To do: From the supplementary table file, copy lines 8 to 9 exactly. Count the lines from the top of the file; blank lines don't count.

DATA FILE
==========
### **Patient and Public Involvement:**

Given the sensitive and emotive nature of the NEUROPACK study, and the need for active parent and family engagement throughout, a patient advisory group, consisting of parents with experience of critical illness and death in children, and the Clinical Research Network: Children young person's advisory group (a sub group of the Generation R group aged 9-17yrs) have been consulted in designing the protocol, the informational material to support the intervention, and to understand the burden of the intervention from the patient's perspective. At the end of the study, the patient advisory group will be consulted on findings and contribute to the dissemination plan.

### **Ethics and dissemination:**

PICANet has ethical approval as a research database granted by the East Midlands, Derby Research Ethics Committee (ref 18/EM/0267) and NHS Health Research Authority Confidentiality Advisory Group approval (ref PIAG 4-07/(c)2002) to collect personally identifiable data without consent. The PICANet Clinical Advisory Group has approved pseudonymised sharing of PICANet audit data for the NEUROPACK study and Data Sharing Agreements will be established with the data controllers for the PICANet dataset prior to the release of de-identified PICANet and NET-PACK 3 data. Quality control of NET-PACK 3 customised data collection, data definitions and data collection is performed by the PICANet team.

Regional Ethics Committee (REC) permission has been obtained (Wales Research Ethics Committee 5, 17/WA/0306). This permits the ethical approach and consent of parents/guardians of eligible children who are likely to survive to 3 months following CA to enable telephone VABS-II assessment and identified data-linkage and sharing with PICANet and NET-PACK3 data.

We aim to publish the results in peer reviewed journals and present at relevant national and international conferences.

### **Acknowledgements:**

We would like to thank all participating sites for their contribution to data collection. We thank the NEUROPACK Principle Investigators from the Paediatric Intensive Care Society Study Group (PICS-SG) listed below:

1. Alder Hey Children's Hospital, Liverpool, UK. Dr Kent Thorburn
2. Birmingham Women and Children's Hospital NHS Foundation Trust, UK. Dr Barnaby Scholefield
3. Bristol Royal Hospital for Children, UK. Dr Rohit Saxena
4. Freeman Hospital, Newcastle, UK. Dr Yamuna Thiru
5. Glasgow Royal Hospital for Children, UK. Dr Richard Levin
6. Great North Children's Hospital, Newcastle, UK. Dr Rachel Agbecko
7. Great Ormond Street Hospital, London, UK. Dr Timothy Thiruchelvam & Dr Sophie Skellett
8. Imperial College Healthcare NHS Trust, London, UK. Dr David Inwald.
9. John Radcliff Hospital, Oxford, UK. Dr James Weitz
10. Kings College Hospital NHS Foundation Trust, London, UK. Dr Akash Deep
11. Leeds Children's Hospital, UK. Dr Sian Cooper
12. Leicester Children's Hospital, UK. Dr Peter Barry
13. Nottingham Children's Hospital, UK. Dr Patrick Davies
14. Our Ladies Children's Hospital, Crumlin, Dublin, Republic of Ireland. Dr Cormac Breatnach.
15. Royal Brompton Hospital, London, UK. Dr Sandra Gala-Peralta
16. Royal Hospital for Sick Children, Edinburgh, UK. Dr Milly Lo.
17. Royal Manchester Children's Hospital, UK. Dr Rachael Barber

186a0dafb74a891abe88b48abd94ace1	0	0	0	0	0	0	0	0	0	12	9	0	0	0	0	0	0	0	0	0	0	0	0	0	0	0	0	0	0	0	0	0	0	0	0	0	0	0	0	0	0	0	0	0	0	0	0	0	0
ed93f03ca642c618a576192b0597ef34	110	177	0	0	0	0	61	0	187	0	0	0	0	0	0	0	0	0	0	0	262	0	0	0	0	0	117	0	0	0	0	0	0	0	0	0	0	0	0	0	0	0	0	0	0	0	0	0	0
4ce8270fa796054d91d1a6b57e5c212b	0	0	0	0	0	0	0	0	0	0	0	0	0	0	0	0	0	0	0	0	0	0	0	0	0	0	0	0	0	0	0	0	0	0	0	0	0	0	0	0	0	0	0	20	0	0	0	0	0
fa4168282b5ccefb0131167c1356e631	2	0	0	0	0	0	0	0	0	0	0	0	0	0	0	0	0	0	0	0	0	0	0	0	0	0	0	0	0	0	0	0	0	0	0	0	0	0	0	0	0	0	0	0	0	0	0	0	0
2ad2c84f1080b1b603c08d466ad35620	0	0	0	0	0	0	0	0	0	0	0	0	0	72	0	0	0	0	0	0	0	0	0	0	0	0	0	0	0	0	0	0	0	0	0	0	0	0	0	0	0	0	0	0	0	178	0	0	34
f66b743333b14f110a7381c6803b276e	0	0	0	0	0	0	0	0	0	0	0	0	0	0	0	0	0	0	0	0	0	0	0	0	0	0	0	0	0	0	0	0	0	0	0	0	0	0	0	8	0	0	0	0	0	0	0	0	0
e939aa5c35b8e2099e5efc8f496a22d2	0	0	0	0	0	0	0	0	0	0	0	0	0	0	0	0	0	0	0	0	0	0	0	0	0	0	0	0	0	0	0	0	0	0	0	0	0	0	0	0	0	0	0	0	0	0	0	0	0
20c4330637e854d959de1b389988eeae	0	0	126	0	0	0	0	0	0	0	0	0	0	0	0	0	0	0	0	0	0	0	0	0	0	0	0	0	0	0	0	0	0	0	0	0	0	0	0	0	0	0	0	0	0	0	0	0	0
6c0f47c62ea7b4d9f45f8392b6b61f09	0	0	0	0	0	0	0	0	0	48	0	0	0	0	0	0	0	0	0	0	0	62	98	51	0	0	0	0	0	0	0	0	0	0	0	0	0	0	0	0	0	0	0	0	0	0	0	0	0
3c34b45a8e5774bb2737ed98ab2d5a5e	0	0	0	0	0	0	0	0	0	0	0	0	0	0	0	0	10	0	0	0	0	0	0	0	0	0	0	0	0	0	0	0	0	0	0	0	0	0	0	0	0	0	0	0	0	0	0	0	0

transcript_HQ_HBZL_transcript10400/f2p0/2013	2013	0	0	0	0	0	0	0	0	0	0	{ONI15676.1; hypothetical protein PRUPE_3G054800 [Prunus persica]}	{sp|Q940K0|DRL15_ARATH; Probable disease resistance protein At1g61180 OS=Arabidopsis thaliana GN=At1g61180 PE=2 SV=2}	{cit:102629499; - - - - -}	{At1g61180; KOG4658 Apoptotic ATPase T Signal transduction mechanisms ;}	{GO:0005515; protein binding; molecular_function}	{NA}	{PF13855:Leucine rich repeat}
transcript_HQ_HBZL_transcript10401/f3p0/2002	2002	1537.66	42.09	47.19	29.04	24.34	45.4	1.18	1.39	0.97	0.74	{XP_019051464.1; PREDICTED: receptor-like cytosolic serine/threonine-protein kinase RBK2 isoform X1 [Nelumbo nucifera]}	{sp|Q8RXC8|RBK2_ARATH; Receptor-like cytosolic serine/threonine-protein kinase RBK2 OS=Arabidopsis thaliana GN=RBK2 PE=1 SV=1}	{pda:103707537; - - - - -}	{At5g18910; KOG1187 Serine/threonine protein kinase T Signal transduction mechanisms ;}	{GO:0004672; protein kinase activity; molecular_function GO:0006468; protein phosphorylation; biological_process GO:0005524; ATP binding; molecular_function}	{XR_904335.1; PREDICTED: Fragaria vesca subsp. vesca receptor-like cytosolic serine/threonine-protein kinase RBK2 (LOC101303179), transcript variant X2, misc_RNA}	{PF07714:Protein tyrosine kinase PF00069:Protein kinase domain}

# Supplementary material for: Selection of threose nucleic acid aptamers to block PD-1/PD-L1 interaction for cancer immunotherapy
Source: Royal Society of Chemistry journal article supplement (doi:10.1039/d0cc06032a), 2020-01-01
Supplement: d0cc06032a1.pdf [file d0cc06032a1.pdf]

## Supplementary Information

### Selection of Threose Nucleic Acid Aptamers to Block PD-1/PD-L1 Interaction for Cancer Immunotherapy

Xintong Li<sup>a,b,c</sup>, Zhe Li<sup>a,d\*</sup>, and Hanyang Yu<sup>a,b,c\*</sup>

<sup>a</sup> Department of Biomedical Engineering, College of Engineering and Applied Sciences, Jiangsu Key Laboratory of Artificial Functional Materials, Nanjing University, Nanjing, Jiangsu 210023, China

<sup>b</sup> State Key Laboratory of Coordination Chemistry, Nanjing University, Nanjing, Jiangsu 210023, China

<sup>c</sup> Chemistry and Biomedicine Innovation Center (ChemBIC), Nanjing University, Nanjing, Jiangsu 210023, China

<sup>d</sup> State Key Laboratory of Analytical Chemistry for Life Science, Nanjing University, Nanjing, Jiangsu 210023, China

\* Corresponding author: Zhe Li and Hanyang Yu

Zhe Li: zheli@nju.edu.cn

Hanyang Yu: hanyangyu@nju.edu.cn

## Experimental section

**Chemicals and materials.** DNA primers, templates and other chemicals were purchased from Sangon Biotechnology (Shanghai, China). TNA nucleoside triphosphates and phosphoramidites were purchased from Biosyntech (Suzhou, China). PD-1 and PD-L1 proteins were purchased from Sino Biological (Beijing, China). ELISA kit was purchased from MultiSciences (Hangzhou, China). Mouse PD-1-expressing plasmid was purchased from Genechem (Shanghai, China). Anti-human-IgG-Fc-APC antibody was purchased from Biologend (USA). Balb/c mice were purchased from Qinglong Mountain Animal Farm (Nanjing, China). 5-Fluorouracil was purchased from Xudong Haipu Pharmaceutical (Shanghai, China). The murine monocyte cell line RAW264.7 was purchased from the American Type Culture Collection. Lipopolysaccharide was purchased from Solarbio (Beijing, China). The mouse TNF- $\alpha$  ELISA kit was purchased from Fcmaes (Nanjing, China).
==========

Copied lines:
We would like to thank all participating sites for their contribution to data collection. We thank the NEUROPACK Principle Investigators from the Paediatric Intensive Care Society Study Group (PICS-SG) listed below:

1. Alder Hey Children's Hospital, Liverpool, UK. Dr Kent Thorburn